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Citing Sources: Parts of a Citation

This guide covers various citations styles including MLA, APA, and Chicago/Turabian, as well as techniques to avoid plagiarism in your work.

The parts that make up a citation:


*Author(s) or Editor(s)

*Book Title


*Publication Date

 *Publisher & Place of Publication



*Article Title


*Page Numbers

*Periodical Title

*Publication Date

*Volume & Issue



*Webpage/article title


*Website title

*Creation/publication/revision date

*Date accessed

*URL (link) 

Examples of citations (in styles you may come across APA, MLA, Chicago, etc.):


Antonakis, J., Cianciolo, A. & Sternberg, R. (2004). The Nature of Leadership. Thousand Oaks, CA: Sage Publications.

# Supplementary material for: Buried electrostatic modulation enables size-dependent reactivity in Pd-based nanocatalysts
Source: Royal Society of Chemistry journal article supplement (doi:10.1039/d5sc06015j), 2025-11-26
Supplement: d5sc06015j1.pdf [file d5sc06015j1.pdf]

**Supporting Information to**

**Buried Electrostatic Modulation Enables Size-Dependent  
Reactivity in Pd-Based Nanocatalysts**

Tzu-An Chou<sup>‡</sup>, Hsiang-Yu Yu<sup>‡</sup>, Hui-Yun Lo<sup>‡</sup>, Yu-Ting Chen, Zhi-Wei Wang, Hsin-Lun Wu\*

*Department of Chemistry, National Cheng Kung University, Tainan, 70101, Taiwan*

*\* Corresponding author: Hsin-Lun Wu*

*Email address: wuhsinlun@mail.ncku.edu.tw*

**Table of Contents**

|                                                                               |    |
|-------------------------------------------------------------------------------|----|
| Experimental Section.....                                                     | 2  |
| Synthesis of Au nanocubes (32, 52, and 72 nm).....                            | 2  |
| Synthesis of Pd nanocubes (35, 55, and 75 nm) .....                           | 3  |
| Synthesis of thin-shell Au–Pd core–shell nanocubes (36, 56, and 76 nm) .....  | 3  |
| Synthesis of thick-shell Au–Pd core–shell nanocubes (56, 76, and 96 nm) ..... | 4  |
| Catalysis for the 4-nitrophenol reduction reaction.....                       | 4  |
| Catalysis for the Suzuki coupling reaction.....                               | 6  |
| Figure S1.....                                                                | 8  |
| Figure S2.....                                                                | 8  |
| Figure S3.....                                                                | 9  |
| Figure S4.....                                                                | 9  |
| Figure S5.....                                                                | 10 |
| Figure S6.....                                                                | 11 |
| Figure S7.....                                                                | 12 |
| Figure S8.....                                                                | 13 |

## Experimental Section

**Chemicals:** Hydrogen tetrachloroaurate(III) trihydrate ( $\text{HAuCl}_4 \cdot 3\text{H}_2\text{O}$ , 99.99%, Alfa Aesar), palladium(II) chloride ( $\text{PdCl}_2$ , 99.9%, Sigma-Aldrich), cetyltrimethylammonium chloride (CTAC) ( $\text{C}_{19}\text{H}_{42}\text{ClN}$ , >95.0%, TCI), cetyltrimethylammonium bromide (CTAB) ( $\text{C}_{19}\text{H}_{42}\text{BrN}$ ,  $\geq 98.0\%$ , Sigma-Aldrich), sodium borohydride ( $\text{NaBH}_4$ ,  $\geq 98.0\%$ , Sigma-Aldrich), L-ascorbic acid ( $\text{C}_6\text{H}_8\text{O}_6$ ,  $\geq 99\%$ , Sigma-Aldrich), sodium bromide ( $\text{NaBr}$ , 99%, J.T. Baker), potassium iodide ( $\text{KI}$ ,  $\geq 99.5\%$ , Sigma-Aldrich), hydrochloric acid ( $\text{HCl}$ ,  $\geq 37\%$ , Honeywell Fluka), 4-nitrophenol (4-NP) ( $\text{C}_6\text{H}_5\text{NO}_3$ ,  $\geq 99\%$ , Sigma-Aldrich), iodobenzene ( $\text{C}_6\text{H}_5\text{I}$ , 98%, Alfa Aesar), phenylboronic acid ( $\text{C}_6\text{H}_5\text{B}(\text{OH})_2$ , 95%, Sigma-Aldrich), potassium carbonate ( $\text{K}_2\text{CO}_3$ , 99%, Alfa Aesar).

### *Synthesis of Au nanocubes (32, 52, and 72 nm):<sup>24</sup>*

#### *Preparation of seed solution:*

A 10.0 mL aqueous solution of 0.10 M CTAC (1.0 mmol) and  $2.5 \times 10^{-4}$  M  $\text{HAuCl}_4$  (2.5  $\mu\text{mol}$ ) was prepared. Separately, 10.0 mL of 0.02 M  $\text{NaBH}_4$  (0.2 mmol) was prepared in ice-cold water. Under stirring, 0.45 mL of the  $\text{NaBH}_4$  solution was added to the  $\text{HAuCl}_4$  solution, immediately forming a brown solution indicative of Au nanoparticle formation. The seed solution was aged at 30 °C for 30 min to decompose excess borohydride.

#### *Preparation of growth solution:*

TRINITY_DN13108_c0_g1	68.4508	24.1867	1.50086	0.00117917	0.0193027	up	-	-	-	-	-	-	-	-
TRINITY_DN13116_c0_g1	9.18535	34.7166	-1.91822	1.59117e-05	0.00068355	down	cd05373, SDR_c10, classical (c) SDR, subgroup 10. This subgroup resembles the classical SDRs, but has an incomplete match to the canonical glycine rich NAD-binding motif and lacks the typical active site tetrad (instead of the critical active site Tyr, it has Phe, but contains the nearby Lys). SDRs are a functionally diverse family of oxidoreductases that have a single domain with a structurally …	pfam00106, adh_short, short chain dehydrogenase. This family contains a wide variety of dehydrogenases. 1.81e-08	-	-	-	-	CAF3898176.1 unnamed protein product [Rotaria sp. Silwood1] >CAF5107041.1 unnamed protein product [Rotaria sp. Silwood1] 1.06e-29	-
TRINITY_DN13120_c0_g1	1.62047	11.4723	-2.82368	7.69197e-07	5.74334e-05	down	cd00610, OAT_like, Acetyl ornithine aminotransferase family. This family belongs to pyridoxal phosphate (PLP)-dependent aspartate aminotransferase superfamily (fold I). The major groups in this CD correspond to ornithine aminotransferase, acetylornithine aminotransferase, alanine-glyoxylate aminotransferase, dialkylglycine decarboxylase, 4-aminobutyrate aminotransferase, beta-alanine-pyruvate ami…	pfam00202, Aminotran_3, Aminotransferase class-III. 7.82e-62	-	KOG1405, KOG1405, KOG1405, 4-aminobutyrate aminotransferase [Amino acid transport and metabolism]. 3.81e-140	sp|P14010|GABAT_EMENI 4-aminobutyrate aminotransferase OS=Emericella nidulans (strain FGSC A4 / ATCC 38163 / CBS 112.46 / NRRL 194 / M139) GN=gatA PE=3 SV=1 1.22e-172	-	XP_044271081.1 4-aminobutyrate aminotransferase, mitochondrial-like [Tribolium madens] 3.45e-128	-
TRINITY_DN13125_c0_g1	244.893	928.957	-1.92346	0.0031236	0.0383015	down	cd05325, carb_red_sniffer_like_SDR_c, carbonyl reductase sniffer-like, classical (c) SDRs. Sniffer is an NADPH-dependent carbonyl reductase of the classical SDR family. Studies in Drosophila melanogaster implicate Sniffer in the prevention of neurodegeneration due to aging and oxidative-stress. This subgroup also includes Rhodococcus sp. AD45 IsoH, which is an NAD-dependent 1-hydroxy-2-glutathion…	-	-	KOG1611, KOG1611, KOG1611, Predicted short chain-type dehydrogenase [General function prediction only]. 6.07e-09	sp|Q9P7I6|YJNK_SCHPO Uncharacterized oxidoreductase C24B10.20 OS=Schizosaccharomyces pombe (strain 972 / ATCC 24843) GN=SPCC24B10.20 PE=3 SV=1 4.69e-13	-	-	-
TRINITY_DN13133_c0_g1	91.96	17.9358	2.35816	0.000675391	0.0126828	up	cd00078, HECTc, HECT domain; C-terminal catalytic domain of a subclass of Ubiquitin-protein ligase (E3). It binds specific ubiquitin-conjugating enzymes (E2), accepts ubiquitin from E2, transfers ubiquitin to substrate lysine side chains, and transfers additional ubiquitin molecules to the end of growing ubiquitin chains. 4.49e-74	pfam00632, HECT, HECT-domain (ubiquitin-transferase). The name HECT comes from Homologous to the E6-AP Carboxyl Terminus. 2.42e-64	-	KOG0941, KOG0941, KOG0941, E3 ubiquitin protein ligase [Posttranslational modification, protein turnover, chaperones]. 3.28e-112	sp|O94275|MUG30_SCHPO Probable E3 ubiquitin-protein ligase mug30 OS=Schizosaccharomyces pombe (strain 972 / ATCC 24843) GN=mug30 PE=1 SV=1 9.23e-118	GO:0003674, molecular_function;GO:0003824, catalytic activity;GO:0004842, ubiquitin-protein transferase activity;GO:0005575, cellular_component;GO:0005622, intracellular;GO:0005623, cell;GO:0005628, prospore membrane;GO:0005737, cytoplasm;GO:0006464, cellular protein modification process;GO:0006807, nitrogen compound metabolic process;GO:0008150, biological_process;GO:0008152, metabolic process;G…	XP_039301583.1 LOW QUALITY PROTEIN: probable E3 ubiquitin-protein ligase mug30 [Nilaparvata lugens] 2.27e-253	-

Herkenhoff, Paulo. Biblioteca nacional: a história de uma coleção. Second ed. Rio de Janeiro: Editora Salamandra, 1996.


Articles (print journals):

Sadler, P.M., & Tai, R.H. (2007). Accounting for advanced high school coursework in college admissions decisions. College & University, 82(4), 7-14.


Lather, Patti. Research as Praxis. Harvard Educational Review. 56 (1986):257-277.

Articles (Online Journals found in databases):

Kurtén, Tage. "Introduction: Freedom of Religion in a New Millenium." Studia Theologica 54, no. 1 (June 2000): 1-4. Academic Search Premier, EBSCOhost (accessed October 12, 2010).

Gooch, Paul W. “Authority and Justification in Theological Ethics: A Study in I Corinthians 7.” The Journal of Religious Ethics 11, no. 1: (Spring, 1983): 62-74. "" to




Chevron. “Oil: Providing Energy for Progress.” Last modified March 2010.

Food and Agriculture Organization of the United Nations. “Global hunger declining, but still unacceptably high: International hunger targets difficult to reach.” September 2010.